A Father’s Day Salute

On February 13, 1996 a very special man passed away in his sleep. He was 80 years old and had lived a very productive and eventful life. Most important, he had been a dedicated husband to his wife of 58 years and was always there for his four children. Some would consider him unique because he was a Black man and many in society will argue that those kind of men don’t exist within the Black culture. We have been conditioned through literature, music and movies to view the Black man as an irresponsible, unfit husband and father. Too often when we think of the Black man, we have visions of Danny Glover’s character, Mister, in The Color Purple or the ingrate men in Terry McMillan’s Waiting to Exhale. Since McMillan’s publication and movie, there has been a flood of novels about the “Dawg” brothers. Even the Black man playing the role of a policeman was cast as a villain in Training Day. One would be led to believe that good Black men do not exist as husbands, fathers or men.

billwilliamsAs we approach another Father’s Day celebration I want to take issue with the perceptions that have plagued Black men over the years. I want to take issue because the man I described in my opening was my father, Bill Williams.

50thAnniverdary_parentsHe married my mother when he was 22 and she only 17 and they spent their entire life together, and one can surmise at the time of his death they shared a love just as special and beautiful as could be expected.  After my father had passed on, I once asked my mother who she would like to have meet her on the other side. Without hesitation she gave me this look as if to say, “who do you think” and then said, “My husband.” Now that is a love that will transcend time and they will always be united as one. He made my mother feel very special and she did the same for him. He was an excellent husband.

Bill Williams took a very special interest in his children. His advice, at least to me, was always precise and correct. When considering the wisdom that my father shared with me while growing up, I often think of Mark Twain’s famous quote, “When I was a boy of 14, my father was so ignorant I could hardly stand to have the old man around. But when I got to be 21, I was astonished at how much he had learned in seven years.” My father was not a rich man but he was a wise man. When I reached the age when girls became very important in my life, he told me that, “your lover should also be your best friend.” After many disappointing relationships I finally got it right when I incorporated his advice and now have married for nearly 25 years. He also told me, “Always pay the IRS a little money and never get a large refund.” I learned that lesson the hard way, and now make sure I don’t get a large refund.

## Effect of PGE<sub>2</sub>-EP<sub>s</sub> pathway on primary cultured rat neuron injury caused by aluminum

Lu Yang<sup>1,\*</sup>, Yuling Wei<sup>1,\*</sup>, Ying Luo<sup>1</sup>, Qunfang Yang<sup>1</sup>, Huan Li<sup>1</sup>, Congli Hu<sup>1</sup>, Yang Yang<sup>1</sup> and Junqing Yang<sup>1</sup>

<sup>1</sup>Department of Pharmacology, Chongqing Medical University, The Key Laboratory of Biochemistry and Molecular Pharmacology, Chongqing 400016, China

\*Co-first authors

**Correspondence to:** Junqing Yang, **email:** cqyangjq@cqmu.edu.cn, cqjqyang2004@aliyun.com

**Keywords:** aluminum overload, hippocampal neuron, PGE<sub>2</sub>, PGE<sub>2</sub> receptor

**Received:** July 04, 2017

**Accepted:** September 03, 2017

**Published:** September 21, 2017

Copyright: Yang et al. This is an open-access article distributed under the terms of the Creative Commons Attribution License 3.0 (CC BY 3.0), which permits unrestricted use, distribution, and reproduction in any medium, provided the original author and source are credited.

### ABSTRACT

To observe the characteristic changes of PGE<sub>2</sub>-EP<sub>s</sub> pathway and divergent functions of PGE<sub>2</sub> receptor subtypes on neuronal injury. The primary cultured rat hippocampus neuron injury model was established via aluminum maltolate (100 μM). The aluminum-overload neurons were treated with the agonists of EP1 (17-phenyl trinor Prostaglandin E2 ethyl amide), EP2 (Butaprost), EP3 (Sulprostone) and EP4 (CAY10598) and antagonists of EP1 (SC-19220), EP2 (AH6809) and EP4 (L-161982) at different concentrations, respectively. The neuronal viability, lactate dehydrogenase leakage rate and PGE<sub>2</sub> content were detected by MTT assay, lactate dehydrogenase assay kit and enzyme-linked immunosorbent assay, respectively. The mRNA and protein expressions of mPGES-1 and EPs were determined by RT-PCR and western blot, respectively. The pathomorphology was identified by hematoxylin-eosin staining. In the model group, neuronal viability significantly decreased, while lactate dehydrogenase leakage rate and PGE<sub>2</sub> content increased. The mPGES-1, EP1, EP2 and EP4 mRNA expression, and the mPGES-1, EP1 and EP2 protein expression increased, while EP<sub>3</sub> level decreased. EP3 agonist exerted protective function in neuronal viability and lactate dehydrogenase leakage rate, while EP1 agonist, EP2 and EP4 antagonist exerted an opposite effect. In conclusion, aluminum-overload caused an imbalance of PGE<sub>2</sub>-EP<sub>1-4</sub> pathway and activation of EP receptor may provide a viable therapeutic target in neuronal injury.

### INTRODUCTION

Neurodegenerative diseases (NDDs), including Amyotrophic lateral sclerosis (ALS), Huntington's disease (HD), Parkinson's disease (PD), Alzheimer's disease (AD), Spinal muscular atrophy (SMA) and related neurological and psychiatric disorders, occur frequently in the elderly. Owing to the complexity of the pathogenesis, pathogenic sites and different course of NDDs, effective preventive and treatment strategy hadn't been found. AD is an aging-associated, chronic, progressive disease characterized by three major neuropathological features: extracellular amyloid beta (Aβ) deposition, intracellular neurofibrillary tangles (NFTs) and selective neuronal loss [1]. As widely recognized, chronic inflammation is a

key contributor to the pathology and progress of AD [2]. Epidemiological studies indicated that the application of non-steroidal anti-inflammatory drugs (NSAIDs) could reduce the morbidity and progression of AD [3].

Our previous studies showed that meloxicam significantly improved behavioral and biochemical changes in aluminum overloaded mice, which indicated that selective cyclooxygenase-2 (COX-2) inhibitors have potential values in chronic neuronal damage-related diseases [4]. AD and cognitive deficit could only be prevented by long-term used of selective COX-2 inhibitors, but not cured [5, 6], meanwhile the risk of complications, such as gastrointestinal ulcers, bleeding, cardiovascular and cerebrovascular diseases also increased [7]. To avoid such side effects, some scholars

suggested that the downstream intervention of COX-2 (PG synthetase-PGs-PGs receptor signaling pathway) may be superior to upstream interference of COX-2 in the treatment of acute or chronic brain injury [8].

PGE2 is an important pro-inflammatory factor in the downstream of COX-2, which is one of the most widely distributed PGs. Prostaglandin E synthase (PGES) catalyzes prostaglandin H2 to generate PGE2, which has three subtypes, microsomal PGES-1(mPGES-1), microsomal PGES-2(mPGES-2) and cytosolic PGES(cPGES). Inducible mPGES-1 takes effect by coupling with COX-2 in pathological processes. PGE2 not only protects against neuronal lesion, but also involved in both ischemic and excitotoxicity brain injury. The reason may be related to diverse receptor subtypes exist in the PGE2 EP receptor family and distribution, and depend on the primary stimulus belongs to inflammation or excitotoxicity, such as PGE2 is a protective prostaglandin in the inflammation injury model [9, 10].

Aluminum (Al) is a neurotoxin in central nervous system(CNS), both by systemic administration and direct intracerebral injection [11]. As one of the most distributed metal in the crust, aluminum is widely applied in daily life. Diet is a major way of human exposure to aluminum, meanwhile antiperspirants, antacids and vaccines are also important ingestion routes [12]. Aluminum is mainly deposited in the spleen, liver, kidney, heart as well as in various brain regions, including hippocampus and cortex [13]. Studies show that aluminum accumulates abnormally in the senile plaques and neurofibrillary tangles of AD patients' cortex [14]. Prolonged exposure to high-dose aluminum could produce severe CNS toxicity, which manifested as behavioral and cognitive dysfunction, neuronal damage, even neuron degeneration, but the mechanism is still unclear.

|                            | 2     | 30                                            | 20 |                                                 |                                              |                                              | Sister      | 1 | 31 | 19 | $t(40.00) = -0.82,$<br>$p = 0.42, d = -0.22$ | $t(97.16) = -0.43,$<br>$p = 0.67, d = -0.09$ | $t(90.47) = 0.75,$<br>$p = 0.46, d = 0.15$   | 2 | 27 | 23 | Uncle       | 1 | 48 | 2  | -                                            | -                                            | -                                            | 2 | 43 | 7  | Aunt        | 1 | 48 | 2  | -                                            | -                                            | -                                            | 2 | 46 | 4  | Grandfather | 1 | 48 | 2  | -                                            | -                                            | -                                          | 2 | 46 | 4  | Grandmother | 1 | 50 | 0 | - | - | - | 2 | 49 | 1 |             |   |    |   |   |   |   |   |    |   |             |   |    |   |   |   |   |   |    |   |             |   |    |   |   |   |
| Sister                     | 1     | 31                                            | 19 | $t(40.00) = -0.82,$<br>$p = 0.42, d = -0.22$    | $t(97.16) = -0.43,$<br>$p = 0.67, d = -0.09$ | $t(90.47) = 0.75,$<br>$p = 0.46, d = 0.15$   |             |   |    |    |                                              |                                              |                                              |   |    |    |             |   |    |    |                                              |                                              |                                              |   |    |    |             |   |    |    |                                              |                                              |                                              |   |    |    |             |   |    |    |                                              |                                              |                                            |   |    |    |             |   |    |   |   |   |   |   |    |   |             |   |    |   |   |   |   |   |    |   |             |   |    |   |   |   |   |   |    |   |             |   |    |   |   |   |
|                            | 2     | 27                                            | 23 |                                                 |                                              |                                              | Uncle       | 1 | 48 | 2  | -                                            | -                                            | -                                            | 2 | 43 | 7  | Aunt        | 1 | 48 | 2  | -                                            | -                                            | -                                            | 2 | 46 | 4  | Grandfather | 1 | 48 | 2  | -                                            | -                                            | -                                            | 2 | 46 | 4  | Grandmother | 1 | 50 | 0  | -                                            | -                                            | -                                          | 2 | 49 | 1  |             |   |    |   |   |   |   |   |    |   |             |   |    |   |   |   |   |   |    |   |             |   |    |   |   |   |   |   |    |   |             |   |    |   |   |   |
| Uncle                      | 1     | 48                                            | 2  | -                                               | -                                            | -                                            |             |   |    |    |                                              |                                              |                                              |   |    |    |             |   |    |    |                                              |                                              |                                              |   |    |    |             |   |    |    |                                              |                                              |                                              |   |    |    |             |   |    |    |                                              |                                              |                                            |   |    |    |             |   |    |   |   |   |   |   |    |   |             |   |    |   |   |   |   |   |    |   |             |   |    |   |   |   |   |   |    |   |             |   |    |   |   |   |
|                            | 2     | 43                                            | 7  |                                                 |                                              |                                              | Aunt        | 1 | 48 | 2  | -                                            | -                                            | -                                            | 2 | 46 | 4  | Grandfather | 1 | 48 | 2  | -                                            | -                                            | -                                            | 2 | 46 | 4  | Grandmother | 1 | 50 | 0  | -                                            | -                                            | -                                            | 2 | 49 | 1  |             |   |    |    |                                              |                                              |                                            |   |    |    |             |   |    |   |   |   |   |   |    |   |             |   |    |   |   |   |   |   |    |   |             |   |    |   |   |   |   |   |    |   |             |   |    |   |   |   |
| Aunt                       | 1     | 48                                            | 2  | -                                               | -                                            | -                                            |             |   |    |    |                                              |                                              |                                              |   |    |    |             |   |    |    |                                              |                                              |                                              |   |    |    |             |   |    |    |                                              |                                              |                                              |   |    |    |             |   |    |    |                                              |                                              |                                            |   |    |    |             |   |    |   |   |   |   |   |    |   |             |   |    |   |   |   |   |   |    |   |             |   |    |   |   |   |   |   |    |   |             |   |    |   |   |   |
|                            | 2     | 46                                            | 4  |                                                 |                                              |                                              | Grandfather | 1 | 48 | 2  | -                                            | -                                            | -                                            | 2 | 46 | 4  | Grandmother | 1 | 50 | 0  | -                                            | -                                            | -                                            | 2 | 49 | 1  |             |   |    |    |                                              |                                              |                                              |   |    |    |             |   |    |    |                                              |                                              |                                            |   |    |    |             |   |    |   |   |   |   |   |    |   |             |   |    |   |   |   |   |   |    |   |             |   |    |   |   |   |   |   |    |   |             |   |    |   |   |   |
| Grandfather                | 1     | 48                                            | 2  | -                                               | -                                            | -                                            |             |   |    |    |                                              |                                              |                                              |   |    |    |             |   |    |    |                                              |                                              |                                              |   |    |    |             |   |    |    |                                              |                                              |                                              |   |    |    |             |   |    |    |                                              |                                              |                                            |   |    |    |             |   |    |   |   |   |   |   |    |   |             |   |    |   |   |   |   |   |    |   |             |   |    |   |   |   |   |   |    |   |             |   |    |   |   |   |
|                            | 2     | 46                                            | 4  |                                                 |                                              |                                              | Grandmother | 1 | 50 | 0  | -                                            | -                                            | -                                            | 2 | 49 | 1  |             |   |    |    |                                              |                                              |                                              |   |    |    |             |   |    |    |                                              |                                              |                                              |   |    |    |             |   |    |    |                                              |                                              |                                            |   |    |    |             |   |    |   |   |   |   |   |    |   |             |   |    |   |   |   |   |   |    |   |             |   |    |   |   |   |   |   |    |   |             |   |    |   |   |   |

He provided his two boys and two girls with a foundation that led to our successes in life. We all learned the importance of a strong work ethic through his example. He would get up early in the morning and often walk to his job at the United States Post Office in Saginaw, Michigan so that my mother would have the car at her convenience during the day. After peddling mail in freezing weather (and anyone who has visited Saginaw in the winter knows just how cold it can get) all day, he came home, took a nap and then went to his second job as a waiter at the Saginaw Country Club. And he never complained in front of his children, because to complain would leave the impression that something might be wrong with work. He was an excellent father.

Bill Williams loved his family, was loyal to his friends and never complained about his life. He was a Black man who grew up when it was very difficult to be black in this country. But he never succumbed to the temptation to use discrimination and bigotry as an excuse for him not to achieve. He was the first Black man to work in the United States Post Office in Saginaw, Michigan. He became a union leader for the letter carriers when he transferred to Pasadena, California in 1957. He never told his children that they had to be twice as good in order to succeed. He simply told us to be the very best I could, and that worked well for me because to believe you have to be twice as good was to give credence to bigotry and prejudice. As his child, I never thought I had to be twice as good because it would admit that we begin from a position of inferiority.  That word did not exist in our household. No one can define your worth as a human being was his message to us. It is the same message that Black fathers over the century have shared with their children and continue to do so today.